Terese - Part of the "ancient kitchen" - yet another rare occurrence of a petroglyph and metate.

Terese – Part of the “ancient kitchen” – yet another rare occurrence of a petroglyph and metate.

 

Terese - The famous "boat-shaped" sheep of the "Coso People"

Terese – The famous “boat-shaped” sheep of the “Coso People”

 

Terese - The famous "boat-shaped" sheep of the "Coso People"

Terese – The famous “boat-shaped” sheep of the “Coso People”

 

It is also very likely that Terese was occupied by other groups of Native people, during different periods of time. The Kawaiisu were known to inhabit the El Paso Mountains, and there are at least two Kawaiisu petroglyph sites within three miles of Terese. Many of the petroglyphs at Terese  match those of the Great Basin curvilinear style, that the Kawaiisu is known for.

The El Paso Mountains, and all the Native American sites contained within its rugged, basalt covered landscape are an amazing testimony of the people who came here before us. If you find Terese or any of the other prehistoric or even historic sites, respect them. Leave them as you found them, and take only photographs.

Terese - More Coso Style designs at Terese.

Terese – More Coso Style designs at Terese.

 

Terese - More Coso Style designs at Terese.

Terese – More Coso Style designs at Terese.

 

Terese - Sheep are well represented at Terese.

Terese – Sheep are well represented at Terese.

 

Terese - These sheep designs are more in the style of those found at nearby Sheep Springs, a known Kawaiisu "rock art" site.

Terese – These sheep designs are more in the style of those found at nearby Sheep Springs, a known Kawaiisu “rock art” site.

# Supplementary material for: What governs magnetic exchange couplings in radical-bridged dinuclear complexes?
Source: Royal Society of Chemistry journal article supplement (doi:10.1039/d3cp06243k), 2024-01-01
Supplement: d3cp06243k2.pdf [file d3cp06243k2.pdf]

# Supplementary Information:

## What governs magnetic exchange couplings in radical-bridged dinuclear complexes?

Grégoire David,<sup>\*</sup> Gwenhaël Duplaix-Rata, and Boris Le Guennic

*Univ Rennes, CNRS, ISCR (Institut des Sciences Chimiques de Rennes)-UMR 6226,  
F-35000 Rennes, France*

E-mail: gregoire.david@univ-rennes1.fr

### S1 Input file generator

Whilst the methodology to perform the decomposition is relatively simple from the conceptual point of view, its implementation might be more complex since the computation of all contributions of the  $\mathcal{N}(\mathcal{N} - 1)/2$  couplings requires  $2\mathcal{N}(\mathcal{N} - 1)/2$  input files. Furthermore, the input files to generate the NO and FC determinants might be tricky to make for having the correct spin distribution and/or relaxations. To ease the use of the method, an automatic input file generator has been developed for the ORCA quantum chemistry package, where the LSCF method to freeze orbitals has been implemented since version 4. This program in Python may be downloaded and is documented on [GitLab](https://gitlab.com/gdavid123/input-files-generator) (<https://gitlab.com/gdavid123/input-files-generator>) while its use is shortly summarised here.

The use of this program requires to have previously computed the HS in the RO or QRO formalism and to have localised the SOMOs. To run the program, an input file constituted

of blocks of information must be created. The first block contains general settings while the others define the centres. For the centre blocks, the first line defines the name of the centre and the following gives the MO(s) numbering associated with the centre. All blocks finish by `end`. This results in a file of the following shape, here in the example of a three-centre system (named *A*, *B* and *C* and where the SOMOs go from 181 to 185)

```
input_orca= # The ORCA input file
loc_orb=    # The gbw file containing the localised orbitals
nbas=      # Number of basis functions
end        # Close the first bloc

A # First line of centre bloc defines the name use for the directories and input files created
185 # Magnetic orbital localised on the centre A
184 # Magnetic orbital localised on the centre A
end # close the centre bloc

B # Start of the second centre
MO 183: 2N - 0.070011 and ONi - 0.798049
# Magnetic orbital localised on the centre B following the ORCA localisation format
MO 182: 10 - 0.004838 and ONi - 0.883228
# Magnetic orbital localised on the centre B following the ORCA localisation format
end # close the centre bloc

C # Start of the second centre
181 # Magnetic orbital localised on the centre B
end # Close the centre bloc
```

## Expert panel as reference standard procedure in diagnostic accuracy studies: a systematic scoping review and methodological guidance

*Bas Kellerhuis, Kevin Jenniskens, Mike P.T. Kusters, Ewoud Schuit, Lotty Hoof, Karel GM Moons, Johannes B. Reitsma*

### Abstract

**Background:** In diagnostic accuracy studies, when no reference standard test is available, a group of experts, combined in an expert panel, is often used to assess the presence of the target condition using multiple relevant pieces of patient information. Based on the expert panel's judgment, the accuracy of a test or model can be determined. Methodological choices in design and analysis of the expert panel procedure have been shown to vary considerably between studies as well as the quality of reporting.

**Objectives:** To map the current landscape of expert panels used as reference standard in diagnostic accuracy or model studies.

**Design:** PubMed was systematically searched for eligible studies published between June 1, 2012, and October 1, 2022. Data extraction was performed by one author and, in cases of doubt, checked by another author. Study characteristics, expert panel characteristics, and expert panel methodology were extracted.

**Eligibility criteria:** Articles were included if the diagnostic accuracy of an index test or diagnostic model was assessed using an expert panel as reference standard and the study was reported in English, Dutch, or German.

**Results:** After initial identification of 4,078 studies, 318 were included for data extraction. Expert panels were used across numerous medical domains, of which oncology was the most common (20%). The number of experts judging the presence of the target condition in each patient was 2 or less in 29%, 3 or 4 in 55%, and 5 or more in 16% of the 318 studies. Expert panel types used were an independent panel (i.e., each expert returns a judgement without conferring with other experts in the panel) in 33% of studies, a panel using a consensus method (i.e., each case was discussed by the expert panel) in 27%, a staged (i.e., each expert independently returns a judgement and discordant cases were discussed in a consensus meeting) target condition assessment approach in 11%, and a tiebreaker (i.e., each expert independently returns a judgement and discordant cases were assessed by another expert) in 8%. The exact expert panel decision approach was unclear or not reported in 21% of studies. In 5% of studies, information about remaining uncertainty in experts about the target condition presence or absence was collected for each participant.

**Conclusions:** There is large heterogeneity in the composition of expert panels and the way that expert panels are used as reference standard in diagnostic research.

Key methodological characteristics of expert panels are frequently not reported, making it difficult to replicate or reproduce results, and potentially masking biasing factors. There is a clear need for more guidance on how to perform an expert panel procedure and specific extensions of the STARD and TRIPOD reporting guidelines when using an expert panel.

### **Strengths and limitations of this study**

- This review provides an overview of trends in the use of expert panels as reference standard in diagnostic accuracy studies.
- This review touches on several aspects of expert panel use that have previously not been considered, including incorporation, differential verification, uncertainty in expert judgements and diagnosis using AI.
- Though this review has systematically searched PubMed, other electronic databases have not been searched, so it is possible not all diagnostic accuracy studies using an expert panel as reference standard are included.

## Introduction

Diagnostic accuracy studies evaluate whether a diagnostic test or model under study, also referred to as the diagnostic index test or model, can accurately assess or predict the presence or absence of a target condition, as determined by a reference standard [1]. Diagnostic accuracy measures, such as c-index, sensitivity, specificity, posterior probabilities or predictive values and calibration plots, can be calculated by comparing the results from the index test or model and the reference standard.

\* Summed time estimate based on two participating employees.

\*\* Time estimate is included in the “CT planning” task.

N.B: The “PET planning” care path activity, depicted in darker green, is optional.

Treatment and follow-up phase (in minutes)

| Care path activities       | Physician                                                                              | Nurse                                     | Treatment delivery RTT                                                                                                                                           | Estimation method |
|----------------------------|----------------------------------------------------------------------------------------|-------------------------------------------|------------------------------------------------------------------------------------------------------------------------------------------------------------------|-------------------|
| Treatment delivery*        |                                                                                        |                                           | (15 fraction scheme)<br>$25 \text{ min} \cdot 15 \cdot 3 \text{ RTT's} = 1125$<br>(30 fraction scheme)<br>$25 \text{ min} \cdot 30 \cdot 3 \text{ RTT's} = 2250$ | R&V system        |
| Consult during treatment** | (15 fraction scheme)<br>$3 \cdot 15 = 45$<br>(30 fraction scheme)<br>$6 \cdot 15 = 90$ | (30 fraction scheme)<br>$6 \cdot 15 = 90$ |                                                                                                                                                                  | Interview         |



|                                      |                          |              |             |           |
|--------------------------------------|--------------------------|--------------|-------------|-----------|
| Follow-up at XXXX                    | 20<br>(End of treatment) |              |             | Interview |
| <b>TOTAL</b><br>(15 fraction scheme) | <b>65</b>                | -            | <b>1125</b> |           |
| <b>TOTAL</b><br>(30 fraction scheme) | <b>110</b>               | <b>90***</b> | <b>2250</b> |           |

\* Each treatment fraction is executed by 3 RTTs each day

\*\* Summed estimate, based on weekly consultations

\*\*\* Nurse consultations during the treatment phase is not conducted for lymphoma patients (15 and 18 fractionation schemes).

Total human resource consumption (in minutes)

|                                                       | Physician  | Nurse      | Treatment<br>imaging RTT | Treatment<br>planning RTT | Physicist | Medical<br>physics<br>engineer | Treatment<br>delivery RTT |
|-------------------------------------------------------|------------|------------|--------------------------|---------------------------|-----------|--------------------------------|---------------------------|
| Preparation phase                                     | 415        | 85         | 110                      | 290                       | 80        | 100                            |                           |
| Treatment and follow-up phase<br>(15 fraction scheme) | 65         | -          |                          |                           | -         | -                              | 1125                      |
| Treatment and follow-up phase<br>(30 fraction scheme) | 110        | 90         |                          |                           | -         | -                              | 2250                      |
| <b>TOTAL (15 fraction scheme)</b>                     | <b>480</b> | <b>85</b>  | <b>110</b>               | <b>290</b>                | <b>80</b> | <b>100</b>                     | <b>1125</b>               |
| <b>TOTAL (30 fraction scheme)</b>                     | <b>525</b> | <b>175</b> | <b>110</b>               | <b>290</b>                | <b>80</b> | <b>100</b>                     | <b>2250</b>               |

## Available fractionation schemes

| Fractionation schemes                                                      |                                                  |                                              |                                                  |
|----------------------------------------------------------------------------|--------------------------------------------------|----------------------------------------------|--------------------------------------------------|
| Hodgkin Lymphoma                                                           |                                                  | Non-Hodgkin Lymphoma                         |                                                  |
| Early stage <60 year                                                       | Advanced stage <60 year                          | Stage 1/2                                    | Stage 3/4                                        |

Terese - One of the more interesting sheep designs that I have encountered.

Terese – One of the more interesting sheep designs that I have encountered.

 

Terese - Heavily covered boulder in the Great Basin curvilinear style, that the Kawaiisu is known for.

Terese – Heavily covered boulder in the Great Basin curvilinear style, that the Kawaiisu is known for.

 

Terese - Heavily covered boulder in the Great Basin curvilinear style, that the Kawaiisu is known for.

Terese – Heavily covered boulder in the Great Basin curvilinear style, that the Kawaiisu is known for.

 

Terese - Great Basin curvilinear style, that the Kawaiisu is known for.

Terese – Great Basin curvilinear style, that the Kawaiisu is known for.

 

 

About the author

Jim Mattern

Jim is a scapegoat for the NPS, an author, adventurer, photographer, radio personality, guide, and location scout. His interests lie in Native American and cultural sites, ghost towns, mines, and natural wonders in the American Deserts.

  • Jessie Wych

    wow wow wow – do I make myself clear? The metates with petroglyphs are exquisite. Thank you.

  • pat

    Great “reboot” Jim. Even better than the original. I’ve been to the main site (thanks!) and need to get back there to see the rest. What most interests me most (from this post) are the two rocks with petroglyphs, being used as metates. If these symbols were done by Shamans (as many think), it seems like bad joo-joo for somebody else to use the same rock with a symbol on it, as a metate at a later date. What do you think about that?

    • I’m not a believer that all petroglyphs or pictographs are made by shaman. I’m not convinced that shaman created any more designs than anyone else.

      • pat

        A mystery that probably won’t ever be solved.